The first thing most people think of when they hear the term ‘shackle’ is of prisoners sat in black and white striped uniforms chained to the wall or a heavy ball. In industry, however, shackles are used as connecting links in rigging and chains, allowing separate sections to be fitted together quickly and securely. They provide a versatile but strong way of connecting chains and rigging that would otherwise be incompatible. 

The basic form of a shackle is a metal U shape, which is secured with a pin or bolt across its opening. Often the pin is designed to be quick release, in order to maximise the ease of use.

Shackles are manufactured in one of two ways – either by forging or by casting  by companies such as Brooks Forgings, a UK forgings company based in the West Midlands. Cast shackles are formed by filling a premade mould with molten metal and then allowing it to set hard. Shackles manufactured using this  process are prone to breaking as air bubbles can form during the cooling stages and as such, cast shackles are not typically used in heavy duty applications. Forging, on the other hand, are manufactured by deforming plates of metal with industrial hammers into the necessary shape. This method creates a shackle with of uniform cross section and much greater tensile strength.

Typical shackle materials include steel, either stainless or galvanised, and titanium. As you might imagine, the type and location of the shackle’s implementation will define which material is best used. Titanium, for example, has a higher tensile strength than most steel and is also resistant to see water. As a result it is often the material of choice for shackles used in the marine industry. On the other hand, titanium is more expensive than steel as well as being more brittle. As such, steel alloys are often favoured over titanium in many lifting and non-lifting rated shackles. In addition, stainless steel is particularly popular in architectural and decorative applications whilst it is not usually recommended for lifting applications.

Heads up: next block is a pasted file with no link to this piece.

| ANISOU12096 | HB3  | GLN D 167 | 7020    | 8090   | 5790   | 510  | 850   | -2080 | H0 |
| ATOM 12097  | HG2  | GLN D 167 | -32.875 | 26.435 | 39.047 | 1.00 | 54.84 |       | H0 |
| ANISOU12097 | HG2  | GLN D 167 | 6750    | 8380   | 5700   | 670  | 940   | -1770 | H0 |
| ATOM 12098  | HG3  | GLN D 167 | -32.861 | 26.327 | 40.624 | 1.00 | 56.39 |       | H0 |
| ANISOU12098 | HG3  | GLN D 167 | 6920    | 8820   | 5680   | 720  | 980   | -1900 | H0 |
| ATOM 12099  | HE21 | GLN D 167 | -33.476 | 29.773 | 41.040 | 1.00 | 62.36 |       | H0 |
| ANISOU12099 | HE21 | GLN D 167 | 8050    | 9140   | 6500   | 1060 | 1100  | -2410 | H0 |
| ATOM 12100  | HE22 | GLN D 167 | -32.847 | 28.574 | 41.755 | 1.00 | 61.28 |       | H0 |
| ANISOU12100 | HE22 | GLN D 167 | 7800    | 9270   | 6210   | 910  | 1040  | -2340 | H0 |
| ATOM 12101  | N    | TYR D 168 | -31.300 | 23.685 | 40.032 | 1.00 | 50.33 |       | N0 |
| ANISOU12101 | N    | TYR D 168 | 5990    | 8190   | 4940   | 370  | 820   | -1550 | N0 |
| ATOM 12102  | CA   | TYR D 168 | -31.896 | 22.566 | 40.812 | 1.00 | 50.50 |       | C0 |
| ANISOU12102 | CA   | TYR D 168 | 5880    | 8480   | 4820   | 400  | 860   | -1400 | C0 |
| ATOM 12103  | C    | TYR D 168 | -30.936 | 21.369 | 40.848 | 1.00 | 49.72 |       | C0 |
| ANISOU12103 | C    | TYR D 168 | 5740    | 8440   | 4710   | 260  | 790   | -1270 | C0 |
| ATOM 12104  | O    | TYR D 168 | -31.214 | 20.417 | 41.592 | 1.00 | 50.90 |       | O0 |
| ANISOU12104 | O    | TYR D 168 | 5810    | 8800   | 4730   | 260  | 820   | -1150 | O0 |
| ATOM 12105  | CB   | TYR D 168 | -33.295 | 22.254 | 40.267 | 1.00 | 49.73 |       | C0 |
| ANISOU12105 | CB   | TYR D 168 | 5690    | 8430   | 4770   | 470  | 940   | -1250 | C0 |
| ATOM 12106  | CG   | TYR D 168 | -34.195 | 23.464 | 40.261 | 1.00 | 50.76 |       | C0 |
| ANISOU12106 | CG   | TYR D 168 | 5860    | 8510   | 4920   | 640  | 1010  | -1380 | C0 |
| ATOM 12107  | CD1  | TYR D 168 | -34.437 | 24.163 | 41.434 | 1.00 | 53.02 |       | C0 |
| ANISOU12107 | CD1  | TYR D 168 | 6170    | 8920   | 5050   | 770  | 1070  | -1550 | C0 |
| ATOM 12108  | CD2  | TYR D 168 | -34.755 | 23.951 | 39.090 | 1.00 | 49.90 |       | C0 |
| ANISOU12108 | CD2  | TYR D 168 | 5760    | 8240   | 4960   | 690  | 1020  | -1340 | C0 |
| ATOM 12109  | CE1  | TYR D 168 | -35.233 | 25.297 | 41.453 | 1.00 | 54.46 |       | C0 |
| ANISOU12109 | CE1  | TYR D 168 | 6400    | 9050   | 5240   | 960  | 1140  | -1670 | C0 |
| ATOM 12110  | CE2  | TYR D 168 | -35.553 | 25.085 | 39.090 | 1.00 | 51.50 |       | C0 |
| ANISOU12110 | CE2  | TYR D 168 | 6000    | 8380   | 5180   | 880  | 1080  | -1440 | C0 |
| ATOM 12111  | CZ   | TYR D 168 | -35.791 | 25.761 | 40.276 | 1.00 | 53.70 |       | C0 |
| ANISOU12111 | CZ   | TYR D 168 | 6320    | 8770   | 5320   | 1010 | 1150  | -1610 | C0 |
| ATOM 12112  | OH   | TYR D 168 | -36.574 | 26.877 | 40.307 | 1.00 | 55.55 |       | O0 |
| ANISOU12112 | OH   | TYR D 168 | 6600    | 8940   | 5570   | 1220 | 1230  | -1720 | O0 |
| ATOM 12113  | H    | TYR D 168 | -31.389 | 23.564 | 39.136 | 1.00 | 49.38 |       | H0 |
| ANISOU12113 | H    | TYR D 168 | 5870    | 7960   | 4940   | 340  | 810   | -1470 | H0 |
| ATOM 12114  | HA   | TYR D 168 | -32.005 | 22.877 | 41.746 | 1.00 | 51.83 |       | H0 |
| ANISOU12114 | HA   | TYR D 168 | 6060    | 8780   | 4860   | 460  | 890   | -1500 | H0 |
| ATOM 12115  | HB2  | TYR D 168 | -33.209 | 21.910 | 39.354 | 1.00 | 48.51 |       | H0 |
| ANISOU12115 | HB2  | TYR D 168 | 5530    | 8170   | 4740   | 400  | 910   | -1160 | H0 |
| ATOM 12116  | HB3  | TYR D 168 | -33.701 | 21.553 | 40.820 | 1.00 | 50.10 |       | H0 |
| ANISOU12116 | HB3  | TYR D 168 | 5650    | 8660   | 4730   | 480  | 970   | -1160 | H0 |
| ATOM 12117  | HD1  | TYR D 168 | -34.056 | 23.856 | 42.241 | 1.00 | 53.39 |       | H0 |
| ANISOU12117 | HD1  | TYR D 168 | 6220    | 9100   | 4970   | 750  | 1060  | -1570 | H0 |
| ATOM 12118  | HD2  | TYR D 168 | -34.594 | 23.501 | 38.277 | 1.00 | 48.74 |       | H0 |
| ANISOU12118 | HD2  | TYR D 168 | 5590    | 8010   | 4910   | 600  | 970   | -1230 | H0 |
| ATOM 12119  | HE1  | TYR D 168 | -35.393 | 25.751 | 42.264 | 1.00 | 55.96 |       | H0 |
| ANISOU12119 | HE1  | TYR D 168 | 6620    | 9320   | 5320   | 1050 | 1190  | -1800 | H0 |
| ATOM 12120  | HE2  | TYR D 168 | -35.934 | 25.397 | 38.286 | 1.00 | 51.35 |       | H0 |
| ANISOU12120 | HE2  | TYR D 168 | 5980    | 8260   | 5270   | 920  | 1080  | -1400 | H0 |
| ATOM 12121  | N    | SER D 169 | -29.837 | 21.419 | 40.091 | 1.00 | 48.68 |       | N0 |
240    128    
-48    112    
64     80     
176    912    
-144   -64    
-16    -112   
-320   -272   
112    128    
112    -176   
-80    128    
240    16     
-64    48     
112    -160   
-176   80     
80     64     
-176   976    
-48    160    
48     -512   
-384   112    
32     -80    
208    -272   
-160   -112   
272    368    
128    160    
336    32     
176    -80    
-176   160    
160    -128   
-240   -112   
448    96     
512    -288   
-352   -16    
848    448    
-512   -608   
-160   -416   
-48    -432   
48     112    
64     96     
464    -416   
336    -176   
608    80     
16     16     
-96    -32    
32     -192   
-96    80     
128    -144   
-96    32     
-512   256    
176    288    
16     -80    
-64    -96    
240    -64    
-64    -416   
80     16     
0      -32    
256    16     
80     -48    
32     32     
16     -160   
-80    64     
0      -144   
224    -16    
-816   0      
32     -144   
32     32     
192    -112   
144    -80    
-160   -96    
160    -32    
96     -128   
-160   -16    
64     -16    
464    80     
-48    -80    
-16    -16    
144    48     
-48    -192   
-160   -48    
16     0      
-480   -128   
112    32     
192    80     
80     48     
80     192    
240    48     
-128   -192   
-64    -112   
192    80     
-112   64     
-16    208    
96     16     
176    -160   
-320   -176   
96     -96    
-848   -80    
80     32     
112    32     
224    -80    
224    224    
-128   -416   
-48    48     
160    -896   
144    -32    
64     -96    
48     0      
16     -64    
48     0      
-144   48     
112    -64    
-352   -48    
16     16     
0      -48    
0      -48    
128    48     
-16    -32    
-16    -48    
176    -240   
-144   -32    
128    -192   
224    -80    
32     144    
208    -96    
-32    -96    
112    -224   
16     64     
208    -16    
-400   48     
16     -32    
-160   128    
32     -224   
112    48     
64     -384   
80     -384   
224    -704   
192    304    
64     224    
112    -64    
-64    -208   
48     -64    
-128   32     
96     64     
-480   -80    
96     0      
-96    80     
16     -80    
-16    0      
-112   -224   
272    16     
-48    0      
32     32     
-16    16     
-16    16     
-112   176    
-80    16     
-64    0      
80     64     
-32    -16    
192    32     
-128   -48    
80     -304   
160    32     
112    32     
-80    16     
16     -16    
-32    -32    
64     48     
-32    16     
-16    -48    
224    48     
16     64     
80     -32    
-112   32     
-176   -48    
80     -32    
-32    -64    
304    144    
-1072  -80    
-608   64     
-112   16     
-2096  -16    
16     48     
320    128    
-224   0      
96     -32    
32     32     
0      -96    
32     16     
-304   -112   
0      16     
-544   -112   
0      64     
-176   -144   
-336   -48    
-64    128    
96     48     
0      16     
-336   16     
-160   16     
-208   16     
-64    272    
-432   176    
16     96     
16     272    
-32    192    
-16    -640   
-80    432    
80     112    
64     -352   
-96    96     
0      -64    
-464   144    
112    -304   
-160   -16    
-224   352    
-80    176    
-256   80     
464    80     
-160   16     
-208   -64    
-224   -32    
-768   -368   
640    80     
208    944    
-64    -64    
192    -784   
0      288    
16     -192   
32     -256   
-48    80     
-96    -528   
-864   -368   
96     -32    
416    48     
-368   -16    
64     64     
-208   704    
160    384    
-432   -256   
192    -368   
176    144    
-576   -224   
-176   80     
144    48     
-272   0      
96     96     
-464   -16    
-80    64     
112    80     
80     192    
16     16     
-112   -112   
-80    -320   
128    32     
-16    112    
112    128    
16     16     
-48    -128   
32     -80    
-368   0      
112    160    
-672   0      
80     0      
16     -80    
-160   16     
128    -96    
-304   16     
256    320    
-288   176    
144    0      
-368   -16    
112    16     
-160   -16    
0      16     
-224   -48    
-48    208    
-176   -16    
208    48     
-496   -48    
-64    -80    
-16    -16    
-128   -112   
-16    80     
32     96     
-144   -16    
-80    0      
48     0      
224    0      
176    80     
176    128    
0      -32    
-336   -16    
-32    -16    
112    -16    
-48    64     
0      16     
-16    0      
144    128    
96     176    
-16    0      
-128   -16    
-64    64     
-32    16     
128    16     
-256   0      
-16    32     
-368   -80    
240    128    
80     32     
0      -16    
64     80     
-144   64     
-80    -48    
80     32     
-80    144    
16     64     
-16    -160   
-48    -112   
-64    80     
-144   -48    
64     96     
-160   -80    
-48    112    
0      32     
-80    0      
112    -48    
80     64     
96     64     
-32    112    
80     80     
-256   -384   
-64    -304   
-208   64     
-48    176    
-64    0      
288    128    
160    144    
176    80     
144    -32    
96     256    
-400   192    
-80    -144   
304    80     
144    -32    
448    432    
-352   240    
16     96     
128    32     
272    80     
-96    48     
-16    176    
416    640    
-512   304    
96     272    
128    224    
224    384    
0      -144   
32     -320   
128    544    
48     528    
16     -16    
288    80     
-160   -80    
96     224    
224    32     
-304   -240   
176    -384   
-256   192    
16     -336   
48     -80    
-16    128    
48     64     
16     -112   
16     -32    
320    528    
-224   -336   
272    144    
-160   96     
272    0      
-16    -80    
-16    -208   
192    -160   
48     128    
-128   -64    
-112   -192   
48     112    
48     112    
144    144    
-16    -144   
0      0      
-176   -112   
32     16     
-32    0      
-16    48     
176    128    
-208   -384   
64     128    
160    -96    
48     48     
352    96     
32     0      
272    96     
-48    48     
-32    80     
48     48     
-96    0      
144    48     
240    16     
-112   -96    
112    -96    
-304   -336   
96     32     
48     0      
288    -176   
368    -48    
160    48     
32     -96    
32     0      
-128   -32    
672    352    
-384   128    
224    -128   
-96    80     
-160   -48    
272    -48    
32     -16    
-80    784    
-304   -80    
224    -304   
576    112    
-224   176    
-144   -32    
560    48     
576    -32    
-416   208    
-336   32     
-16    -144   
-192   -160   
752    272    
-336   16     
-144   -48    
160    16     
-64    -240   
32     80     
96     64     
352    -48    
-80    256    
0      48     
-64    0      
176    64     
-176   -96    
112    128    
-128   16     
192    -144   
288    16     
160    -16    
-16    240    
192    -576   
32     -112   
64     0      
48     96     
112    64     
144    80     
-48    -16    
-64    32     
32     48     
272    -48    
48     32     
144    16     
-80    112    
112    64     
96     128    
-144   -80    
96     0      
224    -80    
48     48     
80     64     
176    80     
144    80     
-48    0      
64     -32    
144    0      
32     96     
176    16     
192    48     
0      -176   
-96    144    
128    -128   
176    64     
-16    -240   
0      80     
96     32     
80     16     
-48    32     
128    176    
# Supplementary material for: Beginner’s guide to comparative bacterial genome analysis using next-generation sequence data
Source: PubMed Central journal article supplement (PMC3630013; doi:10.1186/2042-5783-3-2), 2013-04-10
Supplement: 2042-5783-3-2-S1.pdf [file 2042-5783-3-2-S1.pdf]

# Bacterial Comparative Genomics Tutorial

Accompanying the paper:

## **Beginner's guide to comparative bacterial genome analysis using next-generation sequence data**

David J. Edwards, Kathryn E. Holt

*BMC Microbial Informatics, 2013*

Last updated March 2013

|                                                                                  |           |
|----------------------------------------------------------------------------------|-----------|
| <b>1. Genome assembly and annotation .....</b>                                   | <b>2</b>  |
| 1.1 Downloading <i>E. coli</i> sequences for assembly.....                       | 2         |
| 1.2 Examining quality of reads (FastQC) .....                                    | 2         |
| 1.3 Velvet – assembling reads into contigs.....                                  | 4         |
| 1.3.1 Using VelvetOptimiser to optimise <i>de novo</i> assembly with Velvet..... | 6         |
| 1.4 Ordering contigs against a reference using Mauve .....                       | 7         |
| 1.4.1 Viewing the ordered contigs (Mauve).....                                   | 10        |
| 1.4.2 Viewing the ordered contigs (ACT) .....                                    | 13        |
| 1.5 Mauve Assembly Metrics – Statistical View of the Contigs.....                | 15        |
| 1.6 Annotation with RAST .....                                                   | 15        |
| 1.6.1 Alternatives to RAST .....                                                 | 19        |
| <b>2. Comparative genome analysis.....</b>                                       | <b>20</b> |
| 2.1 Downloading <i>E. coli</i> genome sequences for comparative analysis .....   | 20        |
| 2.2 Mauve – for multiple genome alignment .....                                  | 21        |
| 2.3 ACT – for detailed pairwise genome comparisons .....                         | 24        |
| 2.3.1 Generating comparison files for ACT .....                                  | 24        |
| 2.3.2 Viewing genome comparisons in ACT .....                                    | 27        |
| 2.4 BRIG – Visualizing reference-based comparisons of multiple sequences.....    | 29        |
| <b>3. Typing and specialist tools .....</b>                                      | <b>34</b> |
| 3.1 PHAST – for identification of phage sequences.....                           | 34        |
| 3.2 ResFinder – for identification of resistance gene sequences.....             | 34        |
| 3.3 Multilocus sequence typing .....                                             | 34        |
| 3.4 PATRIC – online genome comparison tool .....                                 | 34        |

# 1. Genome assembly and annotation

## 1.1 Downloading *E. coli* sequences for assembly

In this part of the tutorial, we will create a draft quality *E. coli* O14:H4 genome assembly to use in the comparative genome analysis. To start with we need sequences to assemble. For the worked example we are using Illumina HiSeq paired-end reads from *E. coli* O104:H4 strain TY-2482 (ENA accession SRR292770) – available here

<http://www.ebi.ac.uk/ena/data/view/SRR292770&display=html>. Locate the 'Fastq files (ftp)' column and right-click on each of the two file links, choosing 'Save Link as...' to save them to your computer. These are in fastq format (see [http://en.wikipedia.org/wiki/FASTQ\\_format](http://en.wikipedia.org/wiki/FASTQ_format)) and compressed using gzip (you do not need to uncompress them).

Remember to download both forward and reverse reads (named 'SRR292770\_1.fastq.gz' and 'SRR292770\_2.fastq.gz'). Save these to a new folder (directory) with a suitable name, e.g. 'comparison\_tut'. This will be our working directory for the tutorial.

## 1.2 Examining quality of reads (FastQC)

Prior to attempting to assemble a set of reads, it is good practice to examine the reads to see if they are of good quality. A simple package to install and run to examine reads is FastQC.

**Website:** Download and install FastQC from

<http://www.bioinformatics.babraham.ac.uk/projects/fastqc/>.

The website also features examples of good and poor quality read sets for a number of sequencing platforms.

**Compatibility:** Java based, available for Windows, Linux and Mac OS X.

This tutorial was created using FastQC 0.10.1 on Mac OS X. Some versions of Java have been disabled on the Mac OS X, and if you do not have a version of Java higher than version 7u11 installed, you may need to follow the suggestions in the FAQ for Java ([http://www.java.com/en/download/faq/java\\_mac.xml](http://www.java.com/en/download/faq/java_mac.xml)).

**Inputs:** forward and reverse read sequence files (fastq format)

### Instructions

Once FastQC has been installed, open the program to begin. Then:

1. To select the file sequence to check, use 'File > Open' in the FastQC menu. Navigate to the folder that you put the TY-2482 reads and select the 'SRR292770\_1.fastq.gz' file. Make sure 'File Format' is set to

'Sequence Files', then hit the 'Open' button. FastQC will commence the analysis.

Before we take a look at the different type of shackle, it is important to understand what characteristics you should look for when investing in your own. The most important is the working load limit, usually expresses in tons, which should be stamped on to the shackle. If it is absent, check with the manufacturer for a reliable breaking load. If both are absent, the shackle may be unsafe for operation. You should also ensure the shackle you procure are designed specifically for the job you have to complete. Lifting jobs, for example, should only be carried out using shackles rated for lifting.

The anchor shackle is the most common shackle across all industrial applications. They are forged, usually from steel, and are ideal for applications where there are multi-directional loads. Naturally, the thickness of the shackle dictates its working load limit.

Bow shackles, whilst similar, are larger variations that are also used in situations where loads may be applied in multiple directions. The loop is more rounded, making more of an ‘O’ shape than the anchor shackle. This means it is better suited to withstanding multi-directional loads although this comes at the expense of overall strength.

The pin shackle, often referred to as a clevis, is a popular shackle in rigging. Whilst they can be inconvenient, the bolt and cotter pin design allows the bolt to rotate, unlike the anchor and bow designs.

D shackles, as the name suggests, are forged into the shape of a D. This gives them high tensile strength in 2 directions, although limits their effectiveness in applications where there are multi-directional loads. A primary example of a D shackle application would be in lifting – as long as the shackle was manufactured of galvanised steel.

Finally, twist shackles are great for connecting pulley system components together. Their design is such that they appear as a twisted D shackle, meaning they are suitable for applications where you wish to rotate a gear with only one connector.

To summarise, shackles are widely used across industries in lifting, marine and decorative applications. These U shaped connectors are built to be strong, versatile and often attractive. They are typically forged although some decorative shackles are cast. Common materials include various steel alloys and the more expensive titanium.

Contact your local manufacturer for more information or to receive a quotation for your first batch of shackles.